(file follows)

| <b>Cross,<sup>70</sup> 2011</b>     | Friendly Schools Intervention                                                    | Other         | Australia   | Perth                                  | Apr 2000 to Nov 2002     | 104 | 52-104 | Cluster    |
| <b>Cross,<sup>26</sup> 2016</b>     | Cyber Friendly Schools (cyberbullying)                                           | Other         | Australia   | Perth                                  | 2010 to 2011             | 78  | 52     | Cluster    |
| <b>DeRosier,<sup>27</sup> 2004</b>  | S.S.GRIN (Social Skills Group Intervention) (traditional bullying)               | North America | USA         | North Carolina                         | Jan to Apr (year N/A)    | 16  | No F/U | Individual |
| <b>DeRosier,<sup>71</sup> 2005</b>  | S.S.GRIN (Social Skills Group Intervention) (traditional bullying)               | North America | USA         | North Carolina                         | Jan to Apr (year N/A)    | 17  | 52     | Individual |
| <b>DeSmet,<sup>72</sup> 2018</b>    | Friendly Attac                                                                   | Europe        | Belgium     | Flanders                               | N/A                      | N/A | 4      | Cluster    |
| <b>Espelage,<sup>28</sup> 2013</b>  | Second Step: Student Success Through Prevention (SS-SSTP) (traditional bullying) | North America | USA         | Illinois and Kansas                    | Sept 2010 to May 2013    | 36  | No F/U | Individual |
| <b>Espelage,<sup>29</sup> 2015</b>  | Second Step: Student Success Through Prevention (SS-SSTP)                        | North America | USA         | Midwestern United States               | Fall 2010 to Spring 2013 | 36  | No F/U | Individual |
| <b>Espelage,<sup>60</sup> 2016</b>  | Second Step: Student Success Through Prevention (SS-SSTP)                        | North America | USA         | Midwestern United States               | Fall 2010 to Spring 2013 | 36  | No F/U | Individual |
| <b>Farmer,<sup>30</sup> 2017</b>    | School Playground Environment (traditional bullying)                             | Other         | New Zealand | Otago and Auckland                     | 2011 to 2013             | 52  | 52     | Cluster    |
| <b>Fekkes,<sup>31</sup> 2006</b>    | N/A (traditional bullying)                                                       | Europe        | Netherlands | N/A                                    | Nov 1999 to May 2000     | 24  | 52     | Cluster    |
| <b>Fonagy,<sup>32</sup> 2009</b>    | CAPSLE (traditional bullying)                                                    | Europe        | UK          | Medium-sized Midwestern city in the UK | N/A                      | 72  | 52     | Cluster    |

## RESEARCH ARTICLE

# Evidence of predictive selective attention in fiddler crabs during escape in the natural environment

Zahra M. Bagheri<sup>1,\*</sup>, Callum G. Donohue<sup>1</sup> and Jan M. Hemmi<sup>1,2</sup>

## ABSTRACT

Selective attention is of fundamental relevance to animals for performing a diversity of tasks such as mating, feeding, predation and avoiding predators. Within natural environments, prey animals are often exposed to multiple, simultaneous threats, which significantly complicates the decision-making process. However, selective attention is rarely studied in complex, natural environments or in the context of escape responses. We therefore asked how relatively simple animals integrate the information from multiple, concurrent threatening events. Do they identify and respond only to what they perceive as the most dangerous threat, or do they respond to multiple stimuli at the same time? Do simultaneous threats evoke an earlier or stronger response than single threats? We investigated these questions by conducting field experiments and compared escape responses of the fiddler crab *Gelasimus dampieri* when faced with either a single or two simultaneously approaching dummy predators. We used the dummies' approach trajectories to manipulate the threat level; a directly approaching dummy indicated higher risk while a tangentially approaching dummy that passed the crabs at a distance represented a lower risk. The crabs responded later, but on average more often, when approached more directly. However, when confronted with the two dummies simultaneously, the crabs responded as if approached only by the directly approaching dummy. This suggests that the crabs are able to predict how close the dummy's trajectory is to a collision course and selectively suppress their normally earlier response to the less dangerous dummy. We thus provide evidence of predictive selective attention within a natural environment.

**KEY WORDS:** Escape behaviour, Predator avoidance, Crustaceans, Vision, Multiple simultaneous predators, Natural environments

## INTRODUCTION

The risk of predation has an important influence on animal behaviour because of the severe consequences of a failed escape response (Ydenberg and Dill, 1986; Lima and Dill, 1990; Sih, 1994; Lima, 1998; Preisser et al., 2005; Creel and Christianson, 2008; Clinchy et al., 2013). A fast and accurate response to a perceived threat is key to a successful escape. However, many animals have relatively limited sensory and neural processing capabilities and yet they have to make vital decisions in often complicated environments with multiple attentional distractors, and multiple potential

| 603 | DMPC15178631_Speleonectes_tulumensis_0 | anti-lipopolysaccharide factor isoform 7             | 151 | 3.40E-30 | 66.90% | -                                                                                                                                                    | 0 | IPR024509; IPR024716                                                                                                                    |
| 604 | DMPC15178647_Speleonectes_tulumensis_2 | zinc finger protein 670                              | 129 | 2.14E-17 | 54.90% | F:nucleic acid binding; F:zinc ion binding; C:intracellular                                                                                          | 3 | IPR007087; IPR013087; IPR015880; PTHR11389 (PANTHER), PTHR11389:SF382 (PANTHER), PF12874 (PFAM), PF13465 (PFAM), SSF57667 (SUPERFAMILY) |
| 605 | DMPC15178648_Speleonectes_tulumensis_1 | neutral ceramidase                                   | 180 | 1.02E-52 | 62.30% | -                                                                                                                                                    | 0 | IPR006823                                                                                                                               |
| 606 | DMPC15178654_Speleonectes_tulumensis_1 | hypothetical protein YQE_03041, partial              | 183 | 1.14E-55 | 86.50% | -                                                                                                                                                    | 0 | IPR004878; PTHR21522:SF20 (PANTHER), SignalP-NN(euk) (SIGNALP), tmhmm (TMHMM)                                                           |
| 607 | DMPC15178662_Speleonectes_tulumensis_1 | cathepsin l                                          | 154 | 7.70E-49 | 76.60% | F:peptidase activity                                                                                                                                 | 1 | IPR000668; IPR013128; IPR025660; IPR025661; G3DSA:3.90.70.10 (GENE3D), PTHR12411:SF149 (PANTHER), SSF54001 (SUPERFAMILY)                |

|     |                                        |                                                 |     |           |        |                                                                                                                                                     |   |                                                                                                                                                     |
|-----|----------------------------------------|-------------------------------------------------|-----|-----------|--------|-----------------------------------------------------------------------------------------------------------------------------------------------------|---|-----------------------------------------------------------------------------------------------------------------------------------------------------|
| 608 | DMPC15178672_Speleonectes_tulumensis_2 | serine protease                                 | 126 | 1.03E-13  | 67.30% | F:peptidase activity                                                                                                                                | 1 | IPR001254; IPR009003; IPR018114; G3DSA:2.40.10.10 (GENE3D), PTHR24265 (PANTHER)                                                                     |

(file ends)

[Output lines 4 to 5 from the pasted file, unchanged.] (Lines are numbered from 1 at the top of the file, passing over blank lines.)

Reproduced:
| <b>DeRosier,<sup>71</sup> 2005</b>  | S.S.GRIN (Social Skills Group Intervention) (traditional bullying)               | North America | USA         | North Carolina                         | Jan to Apr (year N/A)    | 17  | 52     | Individual |
| <b>DeSmet,<sup>72</sup> 2018</b>    | Friendly Attac                                                                   | Europe        | Belgium     | Flanders                               | N/A                      | N/A | 4      | Cluster    |